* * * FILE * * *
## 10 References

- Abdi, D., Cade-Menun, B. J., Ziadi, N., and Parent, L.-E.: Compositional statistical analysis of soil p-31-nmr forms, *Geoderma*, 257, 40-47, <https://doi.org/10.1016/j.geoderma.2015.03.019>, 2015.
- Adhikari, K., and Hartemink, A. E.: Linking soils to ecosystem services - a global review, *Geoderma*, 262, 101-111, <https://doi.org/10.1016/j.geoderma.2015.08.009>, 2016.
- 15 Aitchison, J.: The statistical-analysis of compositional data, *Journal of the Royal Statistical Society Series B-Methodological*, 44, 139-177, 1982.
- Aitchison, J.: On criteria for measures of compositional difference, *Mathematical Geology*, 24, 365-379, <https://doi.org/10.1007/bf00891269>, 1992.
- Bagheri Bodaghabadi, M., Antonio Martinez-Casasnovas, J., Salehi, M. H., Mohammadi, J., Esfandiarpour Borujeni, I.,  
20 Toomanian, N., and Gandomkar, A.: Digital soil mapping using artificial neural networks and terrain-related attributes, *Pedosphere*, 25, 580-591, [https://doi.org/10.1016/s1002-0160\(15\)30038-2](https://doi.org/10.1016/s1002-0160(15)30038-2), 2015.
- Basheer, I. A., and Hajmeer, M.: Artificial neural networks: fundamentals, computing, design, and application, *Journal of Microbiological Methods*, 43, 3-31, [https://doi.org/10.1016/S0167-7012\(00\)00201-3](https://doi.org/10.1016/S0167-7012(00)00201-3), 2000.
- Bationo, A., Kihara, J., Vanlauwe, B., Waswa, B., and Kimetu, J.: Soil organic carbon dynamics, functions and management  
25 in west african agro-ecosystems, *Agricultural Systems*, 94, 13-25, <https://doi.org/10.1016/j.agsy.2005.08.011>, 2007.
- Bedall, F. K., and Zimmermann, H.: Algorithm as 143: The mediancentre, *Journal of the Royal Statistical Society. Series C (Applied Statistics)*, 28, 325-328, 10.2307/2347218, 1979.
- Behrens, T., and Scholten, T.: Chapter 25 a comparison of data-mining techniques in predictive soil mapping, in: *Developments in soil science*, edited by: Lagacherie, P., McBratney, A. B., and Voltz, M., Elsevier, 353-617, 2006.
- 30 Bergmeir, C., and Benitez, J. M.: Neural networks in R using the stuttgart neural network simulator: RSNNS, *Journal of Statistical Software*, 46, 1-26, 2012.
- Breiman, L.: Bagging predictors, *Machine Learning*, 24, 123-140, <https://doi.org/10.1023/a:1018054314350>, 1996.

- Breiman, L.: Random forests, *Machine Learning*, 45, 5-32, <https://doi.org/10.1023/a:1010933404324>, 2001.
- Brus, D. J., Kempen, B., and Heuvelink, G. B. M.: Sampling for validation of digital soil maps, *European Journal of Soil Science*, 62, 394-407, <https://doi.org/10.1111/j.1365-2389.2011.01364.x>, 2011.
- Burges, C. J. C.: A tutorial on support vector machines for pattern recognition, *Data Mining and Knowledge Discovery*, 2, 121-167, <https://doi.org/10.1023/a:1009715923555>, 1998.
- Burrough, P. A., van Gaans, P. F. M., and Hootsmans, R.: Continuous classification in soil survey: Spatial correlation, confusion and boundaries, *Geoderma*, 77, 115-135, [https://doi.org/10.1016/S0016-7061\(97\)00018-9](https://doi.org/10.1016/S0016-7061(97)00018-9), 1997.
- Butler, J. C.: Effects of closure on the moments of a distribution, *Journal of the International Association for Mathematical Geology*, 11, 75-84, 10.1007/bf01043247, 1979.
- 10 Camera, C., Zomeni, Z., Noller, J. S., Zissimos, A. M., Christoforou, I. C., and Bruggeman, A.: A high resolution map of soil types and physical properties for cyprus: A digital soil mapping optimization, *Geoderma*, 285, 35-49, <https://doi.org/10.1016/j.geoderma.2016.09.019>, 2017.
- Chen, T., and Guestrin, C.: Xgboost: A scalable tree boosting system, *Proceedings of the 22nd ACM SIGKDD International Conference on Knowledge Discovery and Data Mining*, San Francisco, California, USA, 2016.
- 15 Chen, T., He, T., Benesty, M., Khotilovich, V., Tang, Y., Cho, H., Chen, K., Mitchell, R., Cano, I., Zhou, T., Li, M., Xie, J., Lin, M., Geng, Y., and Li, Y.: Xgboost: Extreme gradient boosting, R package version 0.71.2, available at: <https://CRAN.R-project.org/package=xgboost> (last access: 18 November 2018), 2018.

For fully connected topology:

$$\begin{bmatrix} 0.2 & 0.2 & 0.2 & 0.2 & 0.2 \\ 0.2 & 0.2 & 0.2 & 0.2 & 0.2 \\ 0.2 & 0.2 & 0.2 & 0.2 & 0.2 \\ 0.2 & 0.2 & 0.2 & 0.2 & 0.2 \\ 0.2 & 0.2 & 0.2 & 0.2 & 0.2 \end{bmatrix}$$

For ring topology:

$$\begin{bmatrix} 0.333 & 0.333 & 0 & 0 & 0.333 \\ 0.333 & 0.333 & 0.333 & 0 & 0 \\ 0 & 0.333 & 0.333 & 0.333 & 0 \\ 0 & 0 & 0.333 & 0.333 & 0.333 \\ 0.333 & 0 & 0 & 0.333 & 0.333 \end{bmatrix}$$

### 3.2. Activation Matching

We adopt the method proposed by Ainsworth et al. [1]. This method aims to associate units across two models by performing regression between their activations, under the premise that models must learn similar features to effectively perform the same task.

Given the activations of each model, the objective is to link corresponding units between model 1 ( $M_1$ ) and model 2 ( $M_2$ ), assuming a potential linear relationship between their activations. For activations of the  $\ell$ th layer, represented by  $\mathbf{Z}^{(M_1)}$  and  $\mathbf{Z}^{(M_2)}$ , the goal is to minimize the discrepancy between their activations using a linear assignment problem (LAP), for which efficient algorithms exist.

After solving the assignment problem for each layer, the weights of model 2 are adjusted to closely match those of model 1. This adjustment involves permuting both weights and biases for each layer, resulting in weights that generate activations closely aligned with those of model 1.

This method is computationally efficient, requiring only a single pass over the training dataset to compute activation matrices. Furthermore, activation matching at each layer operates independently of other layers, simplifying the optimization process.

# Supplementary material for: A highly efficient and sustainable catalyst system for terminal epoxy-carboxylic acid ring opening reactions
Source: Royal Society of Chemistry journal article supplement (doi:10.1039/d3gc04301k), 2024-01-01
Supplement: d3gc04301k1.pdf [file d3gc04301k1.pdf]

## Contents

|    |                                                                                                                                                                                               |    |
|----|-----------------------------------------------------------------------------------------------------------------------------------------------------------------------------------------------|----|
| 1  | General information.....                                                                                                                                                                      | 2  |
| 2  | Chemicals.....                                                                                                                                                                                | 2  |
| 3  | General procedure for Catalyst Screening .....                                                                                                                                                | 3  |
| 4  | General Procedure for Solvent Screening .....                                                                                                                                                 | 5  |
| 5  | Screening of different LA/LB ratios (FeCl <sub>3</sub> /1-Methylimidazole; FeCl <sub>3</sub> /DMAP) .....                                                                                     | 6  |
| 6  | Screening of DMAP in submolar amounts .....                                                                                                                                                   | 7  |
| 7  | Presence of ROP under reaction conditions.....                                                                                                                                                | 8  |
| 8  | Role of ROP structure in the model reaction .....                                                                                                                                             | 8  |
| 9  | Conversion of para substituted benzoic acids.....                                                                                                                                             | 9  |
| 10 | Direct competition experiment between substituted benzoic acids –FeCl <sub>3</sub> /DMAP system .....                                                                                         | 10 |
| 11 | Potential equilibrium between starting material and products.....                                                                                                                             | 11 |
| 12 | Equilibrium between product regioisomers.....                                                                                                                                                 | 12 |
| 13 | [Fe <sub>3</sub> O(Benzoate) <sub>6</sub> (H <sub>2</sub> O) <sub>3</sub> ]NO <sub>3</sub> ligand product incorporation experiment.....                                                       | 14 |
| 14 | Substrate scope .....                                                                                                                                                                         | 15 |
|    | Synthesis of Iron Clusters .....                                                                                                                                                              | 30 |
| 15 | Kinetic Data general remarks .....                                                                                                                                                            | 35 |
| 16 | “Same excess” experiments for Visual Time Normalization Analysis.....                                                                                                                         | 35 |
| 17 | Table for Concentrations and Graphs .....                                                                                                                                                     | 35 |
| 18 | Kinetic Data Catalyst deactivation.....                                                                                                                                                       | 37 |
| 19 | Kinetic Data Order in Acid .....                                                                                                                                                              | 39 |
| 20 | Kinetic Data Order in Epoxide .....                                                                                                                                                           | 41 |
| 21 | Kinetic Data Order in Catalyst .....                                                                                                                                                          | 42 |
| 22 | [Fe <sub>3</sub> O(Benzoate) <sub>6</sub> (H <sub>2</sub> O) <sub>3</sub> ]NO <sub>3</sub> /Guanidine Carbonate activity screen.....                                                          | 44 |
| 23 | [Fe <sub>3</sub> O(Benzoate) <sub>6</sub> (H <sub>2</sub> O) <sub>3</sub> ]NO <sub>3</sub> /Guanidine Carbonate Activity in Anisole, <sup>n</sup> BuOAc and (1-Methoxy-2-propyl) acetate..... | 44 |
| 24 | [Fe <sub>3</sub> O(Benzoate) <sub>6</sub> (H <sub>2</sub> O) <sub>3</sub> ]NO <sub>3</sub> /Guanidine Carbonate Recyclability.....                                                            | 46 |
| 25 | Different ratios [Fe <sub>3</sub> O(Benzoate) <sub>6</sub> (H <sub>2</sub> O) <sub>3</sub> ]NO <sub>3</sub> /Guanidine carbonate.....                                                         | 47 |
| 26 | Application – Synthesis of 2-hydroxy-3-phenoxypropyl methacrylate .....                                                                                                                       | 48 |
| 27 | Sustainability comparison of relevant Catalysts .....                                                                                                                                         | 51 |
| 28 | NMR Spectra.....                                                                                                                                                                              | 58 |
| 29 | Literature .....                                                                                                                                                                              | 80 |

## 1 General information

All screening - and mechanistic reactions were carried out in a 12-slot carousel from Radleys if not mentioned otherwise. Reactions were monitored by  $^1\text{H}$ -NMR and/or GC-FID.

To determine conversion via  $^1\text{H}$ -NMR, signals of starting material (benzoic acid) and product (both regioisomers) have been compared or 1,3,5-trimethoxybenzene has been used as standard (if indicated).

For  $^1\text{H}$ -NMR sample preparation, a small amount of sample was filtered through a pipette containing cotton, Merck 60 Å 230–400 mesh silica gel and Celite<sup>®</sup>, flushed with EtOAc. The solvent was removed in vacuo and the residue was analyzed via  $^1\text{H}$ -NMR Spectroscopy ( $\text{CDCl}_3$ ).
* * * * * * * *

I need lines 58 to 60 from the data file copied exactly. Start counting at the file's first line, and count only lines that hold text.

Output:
| 20 | Kinetic Data Order in Epoxide .....                                                                                                                                                           | 41 |
| 21 | Kinetic Data Order in Catalyst .....                                                                                                                                                          | 42 |
| 22 | [Fe <sub>3</sub> O(Benzoate) <sub>6</sub> (H <sub>2</sub> O) <sub>3</sub> ]NO <sub>3</sub> /Guanidine Carbonate activity screen.....                                                          | 44 |